Rare Alpine Lily - found by Judy!
Columbines - the best ever this year!
     There has been and is a problem on this Tuolumne trip that is only getting worse.  Judy suffers from Asthma - and the condition is normally controlled by her prescriptions.  In the rush to get away she left home a critical drug,  Now it is apparent that her breathing is becoming more and more a problem - especially at high altitude and at night.  My wife is a stubborn woman - and troubled as she is, she too has a deep love of the high mountains, and is very reluctant to cut the trip short - but it is apparent that we must.  It is the fault of the high altitude, the cold air, and smokey campgrounds.  So Thursday we did it - we left our beloved high country for another year.  I felt a growing anxiety going with her on high distant hikes, especially when sudden problems developed... It has been a good trip and we have stored up plenty of mental images and tales to tell.  So we leave it for the marmots and the picas.

Face of North Peak
'Elephant Heads' at their prime ( look until you see the trunk)

The frames of Judy's glasses broken due to her stepping on them - repaired with 'mole skin' - it worked !

Glacial erratic - Granite boulder deposited by the melting ice on top of metamorphic rock

Rusks 6/4/14


This recipe is highly flexible – add what you have or leave out the ‘extras’

·      Preheat oven to 400 degrees.

1.5 cups unbleached white flour 1.5 cups whole wheat bread flour
1/3 cup each: artificial sweetener (1/3 t Stevia) or 1/3 cup sugar, sunflower seeds, dried cranberries
1 C ground flax, All Bran
1 tsp salt,
2 tsp coriander, cardamom, ginger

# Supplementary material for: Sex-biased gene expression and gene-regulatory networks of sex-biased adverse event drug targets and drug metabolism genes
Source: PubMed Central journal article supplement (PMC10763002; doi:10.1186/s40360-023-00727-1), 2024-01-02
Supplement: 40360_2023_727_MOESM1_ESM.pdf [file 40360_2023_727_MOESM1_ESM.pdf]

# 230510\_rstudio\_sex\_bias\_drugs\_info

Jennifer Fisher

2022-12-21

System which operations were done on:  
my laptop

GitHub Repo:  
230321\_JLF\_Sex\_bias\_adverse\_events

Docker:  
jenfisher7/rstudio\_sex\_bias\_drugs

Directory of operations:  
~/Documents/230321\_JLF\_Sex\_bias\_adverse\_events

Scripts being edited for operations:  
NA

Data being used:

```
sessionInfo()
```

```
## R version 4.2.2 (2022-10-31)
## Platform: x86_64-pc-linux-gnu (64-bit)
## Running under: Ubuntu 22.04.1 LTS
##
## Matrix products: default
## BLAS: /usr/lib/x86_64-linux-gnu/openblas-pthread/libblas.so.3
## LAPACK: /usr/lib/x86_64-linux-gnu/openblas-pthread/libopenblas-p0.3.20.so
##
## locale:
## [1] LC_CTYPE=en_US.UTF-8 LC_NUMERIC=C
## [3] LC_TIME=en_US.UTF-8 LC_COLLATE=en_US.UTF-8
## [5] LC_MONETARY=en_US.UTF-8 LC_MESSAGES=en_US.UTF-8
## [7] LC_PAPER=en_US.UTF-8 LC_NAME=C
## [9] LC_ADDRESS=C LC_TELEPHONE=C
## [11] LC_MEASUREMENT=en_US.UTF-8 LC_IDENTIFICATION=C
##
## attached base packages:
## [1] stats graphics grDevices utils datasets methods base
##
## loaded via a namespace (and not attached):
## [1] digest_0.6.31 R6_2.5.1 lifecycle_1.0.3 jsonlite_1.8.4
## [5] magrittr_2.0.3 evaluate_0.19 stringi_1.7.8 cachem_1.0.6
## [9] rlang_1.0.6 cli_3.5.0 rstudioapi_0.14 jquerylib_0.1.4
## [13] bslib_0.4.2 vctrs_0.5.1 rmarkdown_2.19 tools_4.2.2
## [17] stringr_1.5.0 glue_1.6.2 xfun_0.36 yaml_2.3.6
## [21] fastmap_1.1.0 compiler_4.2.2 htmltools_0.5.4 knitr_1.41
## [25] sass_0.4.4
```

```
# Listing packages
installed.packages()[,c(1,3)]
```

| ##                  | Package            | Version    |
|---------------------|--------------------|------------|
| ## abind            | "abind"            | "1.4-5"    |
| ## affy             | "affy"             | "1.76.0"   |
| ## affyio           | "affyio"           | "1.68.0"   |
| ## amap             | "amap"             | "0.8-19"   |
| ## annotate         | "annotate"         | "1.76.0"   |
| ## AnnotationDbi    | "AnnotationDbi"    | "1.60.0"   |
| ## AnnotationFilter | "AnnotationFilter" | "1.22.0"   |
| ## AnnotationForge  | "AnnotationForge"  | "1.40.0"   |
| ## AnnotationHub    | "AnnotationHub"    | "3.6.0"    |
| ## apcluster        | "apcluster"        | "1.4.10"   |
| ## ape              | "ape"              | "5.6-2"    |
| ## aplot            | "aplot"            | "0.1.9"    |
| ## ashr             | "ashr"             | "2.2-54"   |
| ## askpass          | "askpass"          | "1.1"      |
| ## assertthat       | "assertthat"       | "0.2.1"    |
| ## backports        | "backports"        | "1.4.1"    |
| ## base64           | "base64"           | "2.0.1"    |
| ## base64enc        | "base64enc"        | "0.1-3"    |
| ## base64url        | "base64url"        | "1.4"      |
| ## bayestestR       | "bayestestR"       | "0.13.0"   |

2/3 c date granules
2 tsp baking powder
1 tsp cinnamon
½  C almonds, sesame, poppy seeds
-----
1/4 cup oil
1 egg
¾ cup yogurt     
1.3 C milk                                                                                      
½ tsp pure vanilla extract
·      In a large mixing bowl, thoroughly mix the dry ingredients.
·      Combine all the wet ingredients, pour them into the dry ingredients, and stir until you have a soft dough, similar to biscuit dough.
·      Turn the dough onto a well-floured surface and roll or pat it to about a ½ inch thickness.
·      Bake the rusks on buttered baking sheet for about 25 minutes until the tops are crisping and browning a little.
·      Loosely pile the rusks on a baking sheet and keep them in a 200 degree oven all day or all night (about 12 hours) to dry.
·      The finished rusks should be very dry and hard. Cool and store in an airtight container.
·      Rusks will keep for weeks.

Divide into 32  round flat “cookies” about ½ inch thick before baking

Bake



                                                            

Wednesday, July 16, 2014

Notes from Tuolumne Meadows July 2014




1.  Monday - Thunder growls and the barks with a voice that shakes the skies!  ...Not once but repeatedly much of the afternoon.  I love it!   I almost wish that I could believe that it was dragons roaring or Norse gods at play.   The scientific explanation seems to lack pizzazz. We got enough rain to moisten some of the dry soil.  By evening the sun was back.

2.  Tuesday -Judy reading a book, I set off for Dog Lake -it's about an hour and a half walk uphill.  Once there I walked around its perimeter.  It was mixed forests, sedge bogs, and alpine grasses.  Meadows were adrift with clouds of dragonflies - their transparent wings reflecting the sunlight as they circle and dive above the meadow flowers. Birds here are quite fearless of humans and study us with interest as we pass through their world.

3.  "May you sleep like a stone -and wake like fresh bread". This Russian folk-saying describes us here.  We sleep with the gentle river song in our ears and wake to the songs of birds.  Most days, after long hours of 'adventure' we are ready for sleep soon after the sun goes down and are up making coffee by 6:30 when the sun returns. We are such softies - we each have a comfortable air mattress and a big yellow REI tent-that claims to be a four person tent...but fits the two of us nicely (and we are not big people).